The Shanghai Composite Stock Index has plunged 38 percent since June 12, and that has many investors in Chinese stocks heading for the hills.
But billionaire investor Wilbur Ross isn't too worried. "I just think they’re going through a little tricky period," he told Forbes.
"Let’s say that we’re right, and China is only growing at 4 or 5 percent. For a big economy, that’s a lot." U.S. GDP increased 3.7 percent annualized in the second quarter.
China's economy officially expanded 7 percent in the second quarter, but private economists agree with Ross that the actual total is much lower.
"We got a little spoiled when they used to grow at 10 percent [until 2012]," he said. "That was never going to be sustainable forever. But unless the unemployment rate gets too bad, I don’t see China exploding. I don’t think a big depression is coming."
China's official unemployment rate is 4 percent, but some economists put the true figure at 10 percent.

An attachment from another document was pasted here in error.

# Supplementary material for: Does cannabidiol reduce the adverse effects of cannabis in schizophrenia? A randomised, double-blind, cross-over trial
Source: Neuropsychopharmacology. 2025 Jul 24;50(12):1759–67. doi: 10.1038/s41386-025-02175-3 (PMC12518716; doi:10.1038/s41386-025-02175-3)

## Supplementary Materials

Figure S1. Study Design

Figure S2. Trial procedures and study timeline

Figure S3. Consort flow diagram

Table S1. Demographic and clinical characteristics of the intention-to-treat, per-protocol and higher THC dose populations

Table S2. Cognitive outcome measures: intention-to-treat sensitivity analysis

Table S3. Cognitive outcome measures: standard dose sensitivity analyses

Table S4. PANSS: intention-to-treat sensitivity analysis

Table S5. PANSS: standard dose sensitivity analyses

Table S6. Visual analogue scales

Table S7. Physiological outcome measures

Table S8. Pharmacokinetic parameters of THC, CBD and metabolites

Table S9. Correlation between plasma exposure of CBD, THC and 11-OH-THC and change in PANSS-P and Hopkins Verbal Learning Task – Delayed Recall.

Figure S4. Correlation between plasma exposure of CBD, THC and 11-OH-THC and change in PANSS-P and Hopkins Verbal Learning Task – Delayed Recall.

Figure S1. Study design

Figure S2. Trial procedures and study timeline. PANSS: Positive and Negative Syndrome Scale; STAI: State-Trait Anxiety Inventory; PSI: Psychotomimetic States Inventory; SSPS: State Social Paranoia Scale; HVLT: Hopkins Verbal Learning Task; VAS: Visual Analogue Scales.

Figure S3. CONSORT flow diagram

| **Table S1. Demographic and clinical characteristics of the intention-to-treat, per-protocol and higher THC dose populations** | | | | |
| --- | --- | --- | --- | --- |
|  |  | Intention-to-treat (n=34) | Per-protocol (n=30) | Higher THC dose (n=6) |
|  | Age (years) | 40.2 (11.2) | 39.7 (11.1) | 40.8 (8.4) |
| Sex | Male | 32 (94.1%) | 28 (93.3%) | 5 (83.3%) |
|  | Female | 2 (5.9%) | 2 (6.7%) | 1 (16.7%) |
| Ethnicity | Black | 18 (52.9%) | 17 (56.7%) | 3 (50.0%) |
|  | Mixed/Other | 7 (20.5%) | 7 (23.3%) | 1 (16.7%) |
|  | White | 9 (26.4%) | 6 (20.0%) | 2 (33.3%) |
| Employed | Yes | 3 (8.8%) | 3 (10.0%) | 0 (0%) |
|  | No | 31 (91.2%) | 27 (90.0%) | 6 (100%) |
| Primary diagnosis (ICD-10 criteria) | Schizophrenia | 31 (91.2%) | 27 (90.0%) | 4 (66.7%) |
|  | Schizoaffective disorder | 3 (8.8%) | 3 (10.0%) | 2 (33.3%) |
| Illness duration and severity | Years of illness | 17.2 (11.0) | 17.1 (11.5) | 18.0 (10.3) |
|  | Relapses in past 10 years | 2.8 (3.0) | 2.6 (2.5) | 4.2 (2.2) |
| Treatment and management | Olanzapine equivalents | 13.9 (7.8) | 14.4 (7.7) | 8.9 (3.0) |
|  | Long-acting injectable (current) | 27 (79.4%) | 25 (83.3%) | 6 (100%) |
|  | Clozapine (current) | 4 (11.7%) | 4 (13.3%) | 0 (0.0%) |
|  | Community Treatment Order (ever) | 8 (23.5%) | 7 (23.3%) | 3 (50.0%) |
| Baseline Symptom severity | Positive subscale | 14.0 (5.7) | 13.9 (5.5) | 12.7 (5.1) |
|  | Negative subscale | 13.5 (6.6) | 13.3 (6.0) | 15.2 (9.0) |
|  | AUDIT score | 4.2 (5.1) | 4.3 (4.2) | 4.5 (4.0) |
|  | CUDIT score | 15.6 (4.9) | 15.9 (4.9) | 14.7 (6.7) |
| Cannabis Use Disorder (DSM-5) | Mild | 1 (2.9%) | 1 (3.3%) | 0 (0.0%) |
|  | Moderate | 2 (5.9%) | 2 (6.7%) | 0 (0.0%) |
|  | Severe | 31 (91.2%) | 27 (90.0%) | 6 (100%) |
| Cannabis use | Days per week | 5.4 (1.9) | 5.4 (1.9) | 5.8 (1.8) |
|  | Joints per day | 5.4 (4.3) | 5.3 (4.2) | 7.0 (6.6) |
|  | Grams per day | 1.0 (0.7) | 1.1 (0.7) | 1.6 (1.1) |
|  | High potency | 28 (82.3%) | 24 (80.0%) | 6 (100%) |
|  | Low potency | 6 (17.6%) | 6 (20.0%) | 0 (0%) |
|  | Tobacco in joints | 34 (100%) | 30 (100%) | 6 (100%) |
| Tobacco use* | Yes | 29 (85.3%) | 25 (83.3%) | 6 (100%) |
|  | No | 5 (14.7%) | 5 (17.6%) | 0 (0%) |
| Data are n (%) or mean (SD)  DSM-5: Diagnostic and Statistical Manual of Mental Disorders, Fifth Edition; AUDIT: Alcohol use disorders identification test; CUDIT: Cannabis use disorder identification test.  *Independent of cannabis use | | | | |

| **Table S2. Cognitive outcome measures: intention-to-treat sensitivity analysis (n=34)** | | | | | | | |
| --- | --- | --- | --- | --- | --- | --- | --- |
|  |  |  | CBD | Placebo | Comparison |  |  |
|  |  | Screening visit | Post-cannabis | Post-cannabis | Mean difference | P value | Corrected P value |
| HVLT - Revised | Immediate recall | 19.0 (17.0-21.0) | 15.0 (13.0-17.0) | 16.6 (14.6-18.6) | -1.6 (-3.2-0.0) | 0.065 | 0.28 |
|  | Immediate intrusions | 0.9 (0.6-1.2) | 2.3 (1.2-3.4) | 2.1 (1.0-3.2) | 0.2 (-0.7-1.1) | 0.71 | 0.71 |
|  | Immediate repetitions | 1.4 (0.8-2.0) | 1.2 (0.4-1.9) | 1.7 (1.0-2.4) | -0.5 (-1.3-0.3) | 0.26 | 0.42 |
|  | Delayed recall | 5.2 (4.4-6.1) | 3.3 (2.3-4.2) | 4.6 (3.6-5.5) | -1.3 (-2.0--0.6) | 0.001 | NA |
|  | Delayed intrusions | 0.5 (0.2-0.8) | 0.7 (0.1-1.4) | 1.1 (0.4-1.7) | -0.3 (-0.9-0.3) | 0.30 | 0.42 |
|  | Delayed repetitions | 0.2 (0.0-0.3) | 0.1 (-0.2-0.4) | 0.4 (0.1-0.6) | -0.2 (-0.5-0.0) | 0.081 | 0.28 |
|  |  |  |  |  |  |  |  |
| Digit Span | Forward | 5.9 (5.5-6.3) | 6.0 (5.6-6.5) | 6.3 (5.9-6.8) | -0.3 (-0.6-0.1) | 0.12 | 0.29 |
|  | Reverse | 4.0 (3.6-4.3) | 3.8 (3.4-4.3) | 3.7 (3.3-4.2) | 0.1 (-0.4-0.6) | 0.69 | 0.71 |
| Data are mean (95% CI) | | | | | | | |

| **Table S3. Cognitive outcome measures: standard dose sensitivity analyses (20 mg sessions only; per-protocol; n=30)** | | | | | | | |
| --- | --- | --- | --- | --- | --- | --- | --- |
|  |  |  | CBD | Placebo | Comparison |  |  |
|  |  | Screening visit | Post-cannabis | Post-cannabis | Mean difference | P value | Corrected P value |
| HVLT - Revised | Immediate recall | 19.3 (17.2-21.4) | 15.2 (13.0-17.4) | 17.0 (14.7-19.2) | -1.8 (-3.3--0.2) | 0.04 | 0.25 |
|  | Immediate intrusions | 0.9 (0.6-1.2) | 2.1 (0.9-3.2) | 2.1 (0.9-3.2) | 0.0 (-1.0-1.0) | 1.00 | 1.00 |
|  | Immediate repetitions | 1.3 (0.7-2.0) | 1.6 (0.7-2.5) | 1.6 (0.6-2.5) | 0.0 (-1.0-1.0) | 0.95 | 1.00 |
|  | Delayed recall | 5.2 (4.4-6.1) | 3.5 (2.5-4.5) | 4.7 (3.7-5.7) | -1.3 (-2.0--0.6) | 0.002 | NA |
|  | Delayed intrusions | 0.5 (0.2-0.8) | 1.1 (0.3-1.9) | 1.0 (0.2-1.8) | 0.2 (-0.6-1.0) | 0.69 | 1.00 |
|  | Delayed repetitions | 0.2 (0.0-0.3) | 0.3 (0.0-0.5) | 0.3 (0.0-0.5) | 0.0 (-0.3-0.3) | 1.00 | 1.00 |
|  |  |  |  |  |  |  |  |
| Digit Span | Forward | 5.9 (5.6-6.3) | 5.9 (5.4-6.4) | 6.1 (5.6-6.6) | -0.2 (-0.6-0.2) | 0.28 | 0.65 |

Meanwhile, top strategists and money managers expect the stock drop to continue, pushing the Shanghai Composite down to about 2,700 according to Barron's. That would be a 16 percent fall from Friday's close of 3,200.
Price-earnings ratios don't look pretty for Chinese stocks, notes Barron's writer Daniel Shane. The Shanghai index carries a P-E of 15. While that represents a steep decline from June's high of about 22, it's 50 percent higher than a year ago, when it totaled 10.
The 2,700 level for the Shanghai Composite would represent a return to 10 for the P-E ratio.
Some say the index could well drop further than that level. “I’m sure there were plenty of analysts a week ago telling you the floor was 3,500,” Michael Parker, a Sanford Bernstein strategist, told Barron's.
Fundamentals aren't so hot for Chinese stocks. In addition to slowing economic growth, the government devalued the yuan last month. Investors are losing faith in the government's economic policies.
"Views about China’s economic prospects appear to be shifting from serious concern to near panic," Eswar Prasad, a Cornell University economist who formerly headed the IMF's China division, told The Wall Street Journal.
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